Let’s explore what you do and do not put in a backlog. How do these sound?
- Features and non-functional requirements – Absolutely
- Bug fixes and change requests – Yes, probably
- Risk avoidance and risk reduction activities – Sure, maybe
- Opportunity exploitation activities and marketing ideas – Now you’re just getting weird!
- Team building and social events – Erm, no!
Yet, if it’s all just stuff for the team to do, then why not put it in the backlog? Maybe because the customer has not asked for it and the product owner has to own and order it, but let’s look further.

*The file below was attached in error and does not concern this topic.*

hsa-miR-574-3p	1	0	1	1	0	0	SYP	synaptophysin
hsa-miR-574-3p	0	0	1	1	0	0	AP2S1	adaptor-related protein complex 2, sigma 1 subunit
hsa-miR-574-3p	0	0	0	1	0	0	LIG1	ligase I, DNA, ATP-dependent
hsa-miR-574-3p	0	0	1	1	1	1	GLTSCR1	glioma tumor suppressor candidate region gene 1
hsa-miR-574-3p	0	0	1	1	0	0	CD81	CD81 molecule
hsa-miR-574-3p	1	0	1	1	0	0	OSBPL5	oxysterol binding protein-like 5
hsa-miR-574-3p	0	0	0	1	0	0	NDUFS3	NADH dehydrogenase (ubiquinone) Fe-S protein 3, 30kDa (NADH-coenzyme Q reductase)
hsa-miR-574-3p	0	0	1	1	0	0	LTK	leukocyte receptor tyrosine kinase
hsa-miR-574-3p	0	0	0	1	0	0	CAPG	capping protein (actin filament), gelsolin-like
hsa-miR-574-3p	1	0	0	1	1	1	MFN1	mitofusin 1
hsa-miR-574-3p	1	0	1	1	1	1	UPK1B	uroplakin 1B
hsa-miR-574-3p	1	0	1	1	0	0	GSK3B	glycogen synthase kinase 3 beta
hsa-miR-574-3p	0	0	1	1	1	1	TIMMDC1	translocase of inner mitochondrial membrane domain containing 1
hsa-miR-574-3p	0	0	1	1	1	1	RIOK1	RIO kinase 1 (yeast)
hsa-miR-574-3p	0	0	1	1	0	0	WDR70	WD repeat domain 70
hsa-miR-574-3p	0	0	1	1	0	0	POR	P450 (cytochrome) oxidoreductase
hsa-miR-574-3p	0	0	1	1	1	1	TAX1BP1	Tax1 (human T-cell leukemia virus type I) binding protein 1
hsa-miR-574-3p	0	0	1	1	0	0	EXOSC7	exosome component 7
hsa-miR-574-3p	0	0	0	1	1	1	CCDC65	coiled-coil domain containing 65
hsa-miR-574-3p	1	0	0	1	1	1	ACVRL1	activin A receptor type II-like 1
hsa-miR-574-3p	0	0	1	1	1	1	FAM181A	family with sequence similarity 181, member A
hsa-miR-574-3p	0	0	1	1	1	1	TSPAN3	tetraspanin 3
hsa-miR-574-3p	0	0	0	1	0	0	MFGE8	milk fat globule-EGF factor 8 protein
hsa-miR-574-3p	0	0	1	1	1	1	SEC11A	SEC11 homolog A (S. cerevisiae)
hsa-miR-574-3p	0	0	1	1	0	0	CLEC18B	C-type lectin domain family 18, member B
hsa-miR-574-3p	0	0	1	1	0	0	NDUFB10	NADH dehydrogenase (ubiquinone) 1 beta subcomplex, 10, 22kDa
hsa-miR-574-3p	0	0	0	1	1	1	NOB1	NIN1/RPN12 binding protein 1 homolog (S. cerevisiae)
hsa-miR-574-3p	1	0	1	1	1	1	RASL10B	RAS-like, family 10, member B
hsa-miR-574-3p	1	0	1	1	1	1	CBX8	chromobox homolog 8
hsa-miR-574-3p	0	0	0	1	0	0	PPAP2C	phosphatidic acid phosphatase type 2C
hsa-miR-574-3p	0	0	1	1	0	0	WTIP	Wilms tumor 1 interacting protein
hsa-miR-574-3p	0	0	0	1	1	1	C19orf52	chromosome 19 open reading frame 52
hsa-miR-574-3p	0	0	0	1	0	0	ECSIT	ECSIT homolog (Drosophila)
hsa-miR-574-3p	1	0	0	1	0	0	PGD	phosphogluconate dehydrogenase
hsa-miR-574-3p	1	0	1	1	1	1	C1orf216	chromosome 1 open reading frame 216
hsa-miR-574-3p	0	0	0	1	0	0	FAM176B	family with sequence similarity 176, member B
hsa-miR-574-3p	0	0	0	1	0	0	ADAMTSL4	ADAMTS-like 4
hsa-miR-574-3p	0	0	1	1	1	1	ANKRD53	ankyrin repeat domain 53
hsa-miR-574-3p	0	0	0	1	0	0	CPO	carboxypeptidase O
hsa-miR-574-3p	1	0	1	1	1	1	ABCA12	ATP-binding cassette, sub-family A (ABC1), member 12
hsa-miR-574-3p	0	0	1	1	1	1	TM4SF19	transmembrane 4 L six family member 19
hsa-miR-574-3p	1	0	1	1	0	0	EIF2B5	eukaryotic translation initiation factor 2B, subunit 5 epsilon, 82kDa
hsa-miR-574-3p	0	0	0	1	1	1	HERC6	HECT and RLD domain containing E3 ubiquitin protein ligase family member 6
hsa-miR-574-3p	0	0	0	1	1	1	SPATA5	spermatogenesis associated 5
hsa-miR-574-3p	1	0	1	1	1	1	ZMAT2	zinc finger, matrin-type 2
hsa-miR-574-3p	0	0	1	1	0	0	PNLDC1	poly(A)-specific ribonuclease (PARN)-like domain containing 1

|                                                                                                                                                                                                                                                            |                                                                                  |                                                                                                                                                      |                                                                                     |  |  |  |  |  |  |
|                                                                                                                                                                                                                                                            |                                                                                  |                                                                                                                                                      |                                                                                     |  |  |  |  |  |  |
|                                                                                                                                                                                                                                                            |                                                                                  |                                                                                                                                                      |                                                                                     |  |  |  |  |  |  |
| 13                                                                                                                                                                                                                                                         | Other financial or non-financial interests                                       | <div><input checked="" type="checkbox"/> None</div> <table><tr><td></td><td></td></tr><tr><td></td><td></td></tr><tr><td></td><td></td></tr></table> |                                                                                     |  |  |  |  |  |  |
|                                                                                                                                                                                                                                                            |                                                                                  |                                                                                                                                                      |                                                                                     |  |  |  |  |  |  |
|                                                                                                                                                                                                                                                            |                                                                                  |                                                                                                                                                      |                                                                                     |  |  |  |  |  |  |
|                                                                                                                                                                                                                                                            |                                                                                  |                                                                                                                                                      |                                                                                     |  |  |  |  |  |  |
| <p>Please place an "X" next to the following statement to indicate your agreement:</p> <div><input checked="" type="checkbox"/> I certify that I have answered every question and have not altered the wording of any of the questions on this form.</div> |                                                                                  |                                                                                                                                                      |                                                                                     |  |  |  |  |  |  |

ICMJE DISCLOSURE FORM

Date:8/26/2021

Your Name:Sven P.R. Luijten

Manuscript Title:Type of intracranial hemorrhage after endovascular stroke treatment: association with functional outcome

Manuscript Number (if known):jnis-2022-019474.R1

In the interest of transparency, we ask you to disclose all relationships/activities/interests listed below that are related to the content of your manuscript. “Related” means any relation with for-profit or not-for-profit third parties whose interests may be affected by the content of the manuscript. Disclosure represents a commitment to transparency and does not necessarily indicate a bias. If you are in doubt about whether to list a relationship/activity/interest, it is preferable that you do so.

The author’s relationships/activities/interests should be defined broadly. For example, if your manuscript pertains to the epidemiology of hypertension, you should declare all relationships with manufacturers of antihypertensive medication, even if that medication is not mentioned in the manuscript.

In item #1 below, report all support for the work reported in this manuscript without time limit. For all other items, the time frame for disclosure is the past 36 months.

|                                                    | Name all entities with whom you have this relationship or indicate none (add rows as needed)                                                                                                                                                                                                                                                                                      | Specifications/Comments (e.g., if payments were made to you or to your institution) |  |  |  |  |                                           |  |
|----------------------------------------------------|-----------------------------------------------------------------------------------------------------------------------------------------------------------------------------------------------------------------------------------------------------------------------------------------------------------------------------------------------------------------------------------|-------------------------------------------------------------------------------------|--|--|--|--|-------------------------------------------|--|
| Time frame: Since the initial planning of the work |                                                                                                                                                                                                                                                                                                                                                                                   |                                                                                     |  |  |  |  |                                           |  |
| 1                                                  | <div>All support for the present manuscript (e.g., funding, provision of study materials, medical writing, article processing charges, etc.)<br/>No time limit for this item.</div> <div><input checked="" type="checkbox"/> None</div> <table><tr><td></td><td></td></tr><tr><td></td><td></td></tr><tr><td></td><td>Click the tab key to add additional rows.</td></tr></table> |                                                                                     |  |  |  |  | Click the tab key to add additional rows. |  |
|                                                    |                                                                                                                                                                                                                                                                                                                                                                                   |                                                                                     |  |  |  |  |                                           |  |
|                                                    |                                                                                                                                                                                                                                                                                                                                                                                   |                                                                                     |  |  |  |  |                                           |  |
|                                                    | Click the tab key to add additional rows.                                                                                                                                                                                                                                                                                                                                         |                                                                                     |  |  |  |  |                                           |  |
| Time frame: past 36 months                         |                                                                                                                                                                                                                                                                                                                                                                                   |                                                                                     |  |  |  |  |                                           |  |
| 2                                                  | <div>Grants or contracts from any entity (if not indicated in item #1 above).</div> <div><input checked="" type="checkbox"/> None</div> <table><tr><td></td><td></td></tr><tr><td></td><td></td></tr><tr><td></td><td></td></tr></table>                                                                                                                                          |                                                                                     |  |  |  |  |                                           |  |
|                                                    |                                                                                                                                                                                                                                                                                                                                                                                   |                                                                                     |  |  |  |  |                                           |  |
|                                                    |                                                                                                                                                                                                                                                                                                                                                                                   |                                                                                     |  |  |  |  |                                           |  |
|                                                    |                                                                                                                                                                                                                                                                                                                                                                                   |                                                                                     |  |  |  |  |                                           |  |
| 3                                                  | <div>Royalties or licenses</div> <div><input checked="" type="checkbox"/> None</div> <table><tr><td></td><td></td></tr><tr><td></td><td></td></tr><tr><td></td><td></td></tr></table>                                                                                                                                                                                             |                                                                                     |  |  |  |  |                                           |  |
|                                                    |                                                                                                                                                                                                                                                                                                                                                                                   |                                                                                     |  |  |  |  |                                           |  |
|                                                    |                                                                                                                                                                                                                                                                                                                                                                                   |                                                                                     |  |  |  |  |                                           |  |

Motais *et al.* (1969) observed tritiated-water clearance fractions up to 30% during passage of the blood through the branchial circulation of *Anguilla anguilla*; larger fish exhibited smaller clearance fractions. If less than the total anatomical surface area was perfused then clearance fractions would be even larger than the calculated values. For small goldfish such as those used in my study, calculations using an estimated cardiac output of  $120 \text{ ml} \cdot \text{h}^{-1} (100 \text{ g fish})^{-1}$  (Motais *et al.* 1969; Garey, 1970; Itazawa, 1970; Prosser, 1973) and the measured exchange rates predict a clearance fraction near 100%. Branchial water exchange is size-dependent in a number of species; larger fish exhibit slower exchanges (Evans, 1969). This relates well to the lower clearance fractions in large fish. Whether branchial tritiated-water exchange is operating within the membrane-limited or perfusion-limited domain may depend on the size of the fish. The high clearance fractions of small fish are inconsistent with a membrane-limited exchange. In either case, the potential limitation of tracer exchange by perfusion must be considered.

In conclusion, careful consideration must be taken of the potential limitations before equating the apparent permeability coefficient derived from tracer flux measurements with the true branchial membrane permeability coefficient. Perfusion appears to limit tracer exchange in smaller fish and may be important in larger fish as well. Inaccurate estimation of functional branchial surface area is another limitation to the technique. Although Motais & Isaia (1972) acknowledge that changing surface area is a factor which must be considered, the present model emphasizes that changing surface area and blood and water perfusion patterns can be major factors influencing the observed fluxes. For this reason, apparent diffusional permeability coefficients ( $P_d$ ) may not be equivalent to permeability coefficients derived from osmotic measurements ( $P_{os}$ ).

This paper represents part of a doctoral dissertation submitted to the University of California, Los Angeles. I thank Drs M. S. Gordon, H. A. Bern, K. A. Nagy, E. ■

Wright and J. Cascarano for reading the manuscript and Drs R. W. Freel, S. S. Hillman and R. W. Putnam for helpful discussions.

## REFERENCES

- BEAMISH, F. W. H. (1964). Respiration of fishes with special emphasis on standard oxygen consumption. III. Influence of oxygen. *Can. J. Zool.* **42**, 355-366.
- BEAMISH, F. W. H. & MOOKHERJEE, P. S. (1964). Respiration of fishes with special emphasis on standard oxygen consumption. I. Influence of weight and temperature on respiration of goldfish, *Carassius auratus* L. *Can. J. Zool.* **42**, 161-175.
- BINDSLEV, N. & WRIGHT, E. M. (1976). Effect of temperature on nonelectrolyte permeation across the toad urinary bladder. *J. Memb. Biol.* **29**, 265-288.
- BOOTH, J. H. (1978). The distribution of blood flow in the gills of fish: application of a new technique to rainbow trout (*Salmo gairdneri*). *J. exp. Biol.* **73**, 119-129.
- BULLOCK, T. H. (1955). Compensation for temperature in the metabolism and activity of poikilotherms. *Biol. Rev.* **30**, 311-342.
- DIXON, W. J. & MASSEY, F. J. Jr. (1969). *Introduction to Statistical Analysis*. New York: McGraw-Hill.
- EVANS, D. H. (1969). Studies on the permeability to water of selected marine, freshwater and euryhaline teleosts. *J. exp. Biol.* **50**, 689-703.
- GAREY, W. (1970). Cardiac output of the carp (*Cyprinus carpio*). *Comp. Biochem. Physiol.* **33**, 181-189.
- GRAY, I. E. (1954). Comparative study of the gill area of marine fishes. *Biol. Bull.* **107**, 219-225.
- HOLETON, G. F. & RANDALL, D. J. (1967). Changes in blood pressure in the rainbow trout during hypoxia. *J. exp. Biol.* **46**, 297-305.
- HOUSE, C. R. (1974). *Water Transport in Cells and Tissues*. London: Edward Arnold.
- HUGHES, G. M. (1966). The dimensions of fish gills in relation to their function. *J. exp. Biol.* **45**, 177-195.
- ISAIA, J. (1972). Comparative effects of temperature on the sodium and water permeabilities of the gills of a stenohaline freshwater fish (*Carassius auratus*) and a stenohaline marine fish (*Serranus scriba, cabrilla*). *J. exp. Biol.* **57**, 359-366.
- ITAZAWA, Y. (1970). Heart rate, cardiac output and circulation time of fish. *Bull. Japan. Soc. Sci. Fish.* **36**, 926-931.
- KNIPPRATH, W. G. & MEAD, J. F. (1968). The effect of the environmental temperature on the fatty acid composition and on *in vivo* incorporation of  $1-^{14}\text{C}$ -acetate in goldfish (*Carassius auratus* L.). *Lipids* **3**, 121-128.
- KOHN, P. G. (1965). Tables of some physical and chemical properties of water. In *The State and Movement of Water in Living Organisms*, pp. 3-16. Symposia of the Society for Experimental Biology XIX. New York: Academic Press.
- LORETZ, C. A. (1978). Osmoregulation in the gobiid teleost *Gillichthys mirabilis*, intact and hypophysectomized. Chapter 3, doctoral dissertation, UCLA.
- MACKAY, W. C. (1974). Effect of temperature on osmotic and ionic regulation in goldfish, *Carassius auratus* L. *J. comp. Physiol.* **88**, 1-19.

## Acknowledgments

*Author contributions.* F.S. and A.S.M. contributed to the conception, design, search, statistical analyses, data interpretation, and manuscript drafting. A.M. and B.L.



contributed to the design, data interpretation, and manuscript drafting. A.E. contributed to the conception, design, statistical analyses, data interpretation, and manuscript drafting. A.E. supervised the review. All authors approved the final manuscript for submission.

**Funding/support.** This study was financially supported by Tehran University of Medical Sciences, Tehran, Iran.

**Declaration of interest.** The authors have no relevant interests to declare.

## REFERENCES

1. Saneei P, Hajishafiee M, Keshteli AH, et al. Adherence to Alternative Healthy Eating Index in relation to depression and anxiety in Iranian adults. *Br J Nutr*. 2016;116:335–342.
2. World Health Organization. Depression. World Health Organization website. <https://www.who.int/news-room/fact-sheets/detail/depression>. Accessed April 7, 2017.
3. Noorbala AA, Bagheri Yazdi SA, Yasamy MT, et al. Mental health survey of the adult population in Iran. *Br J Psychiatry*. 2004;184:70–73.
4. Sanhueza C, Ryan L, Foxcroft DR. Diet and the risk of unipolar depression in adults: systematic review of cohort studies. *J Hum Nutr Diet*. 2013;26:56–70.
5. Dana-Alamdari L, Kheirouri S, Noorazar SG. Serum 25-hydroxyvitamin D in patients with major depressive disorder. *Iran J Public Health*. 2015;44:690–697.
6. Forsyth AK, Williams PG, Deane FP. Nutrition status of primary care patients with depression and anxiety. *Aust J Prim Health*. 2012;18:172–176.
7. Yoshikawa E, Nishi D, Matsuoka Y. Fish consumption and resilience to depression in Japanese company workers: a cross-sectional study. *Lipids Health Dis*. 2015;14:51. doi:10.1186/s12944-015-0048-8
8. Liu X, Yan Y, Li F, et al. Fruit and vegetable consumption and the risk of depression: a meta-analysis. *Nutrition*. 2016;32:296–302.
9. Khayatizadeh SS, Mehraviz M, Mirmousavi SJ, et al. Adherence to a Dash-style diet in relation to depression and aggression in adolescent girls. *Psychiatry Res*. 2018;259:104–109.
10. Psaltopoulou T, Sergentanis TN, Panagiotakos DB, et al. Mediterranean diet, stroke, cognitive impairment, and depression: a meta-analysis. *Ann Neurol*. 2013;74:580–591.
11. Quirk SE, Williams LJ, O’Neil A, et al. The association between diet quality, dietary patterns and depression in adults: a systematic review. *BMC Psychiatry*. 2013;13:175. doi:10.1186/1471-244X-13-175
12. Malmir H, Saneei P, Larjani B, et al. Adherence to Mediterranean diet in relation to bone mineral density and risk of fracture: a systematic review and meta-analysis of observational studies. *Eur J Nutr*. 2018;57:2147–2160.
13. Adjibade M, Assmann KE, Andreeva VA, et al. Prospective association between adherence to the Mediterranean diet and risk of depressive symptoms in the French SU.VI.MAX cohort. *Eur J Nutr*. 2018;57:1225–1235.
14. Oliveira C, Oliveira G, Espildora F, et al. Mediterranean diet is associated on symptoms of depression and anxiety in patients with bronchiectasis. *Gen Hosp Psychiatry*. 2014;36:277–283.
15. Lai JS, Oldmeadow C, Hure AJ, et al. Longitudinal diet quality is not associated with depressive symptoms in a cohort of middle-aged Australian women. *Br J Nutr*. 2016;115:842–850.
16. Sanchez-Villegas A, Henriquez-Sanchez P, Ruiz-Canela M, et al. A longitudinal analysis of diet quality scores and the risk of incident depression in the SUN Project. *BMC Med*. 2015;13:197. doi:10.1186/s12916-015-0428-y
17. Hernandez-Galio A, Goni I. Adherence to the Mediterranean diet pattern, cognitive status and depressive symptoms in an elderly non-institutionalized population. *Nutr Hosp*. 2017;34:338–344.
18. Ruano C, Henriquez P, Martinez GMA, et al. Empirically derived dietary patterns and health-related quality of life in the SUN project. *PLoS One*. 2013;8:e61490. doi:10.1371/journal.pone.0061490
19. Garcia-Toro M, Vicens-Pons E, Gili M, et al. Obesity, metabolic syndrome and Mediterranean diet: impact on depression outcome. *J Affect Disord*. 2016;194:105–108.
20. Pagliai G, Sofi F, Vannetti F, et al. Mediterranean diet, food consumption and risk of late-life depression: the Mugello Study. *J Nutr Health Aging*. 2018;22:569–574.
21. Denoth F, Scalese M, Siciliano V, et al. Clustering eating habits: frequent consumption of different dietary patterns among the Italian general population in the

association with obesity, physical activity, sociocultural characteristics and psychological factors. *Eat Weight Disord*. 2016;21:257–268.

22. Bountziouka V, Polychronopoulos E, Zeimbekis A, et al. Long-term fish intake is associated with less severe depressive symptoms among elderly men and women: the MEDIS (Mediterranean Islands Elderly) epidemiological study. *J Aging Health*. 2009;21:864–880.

If we used a backlog metaphor for prioritizing backlog work items. It may look like this.
I am not suggesting these are the correct elements for including in a backlog, I am just showing the common ones. However, I am probably getting too abstract too quickly. Let’s start at the beginning.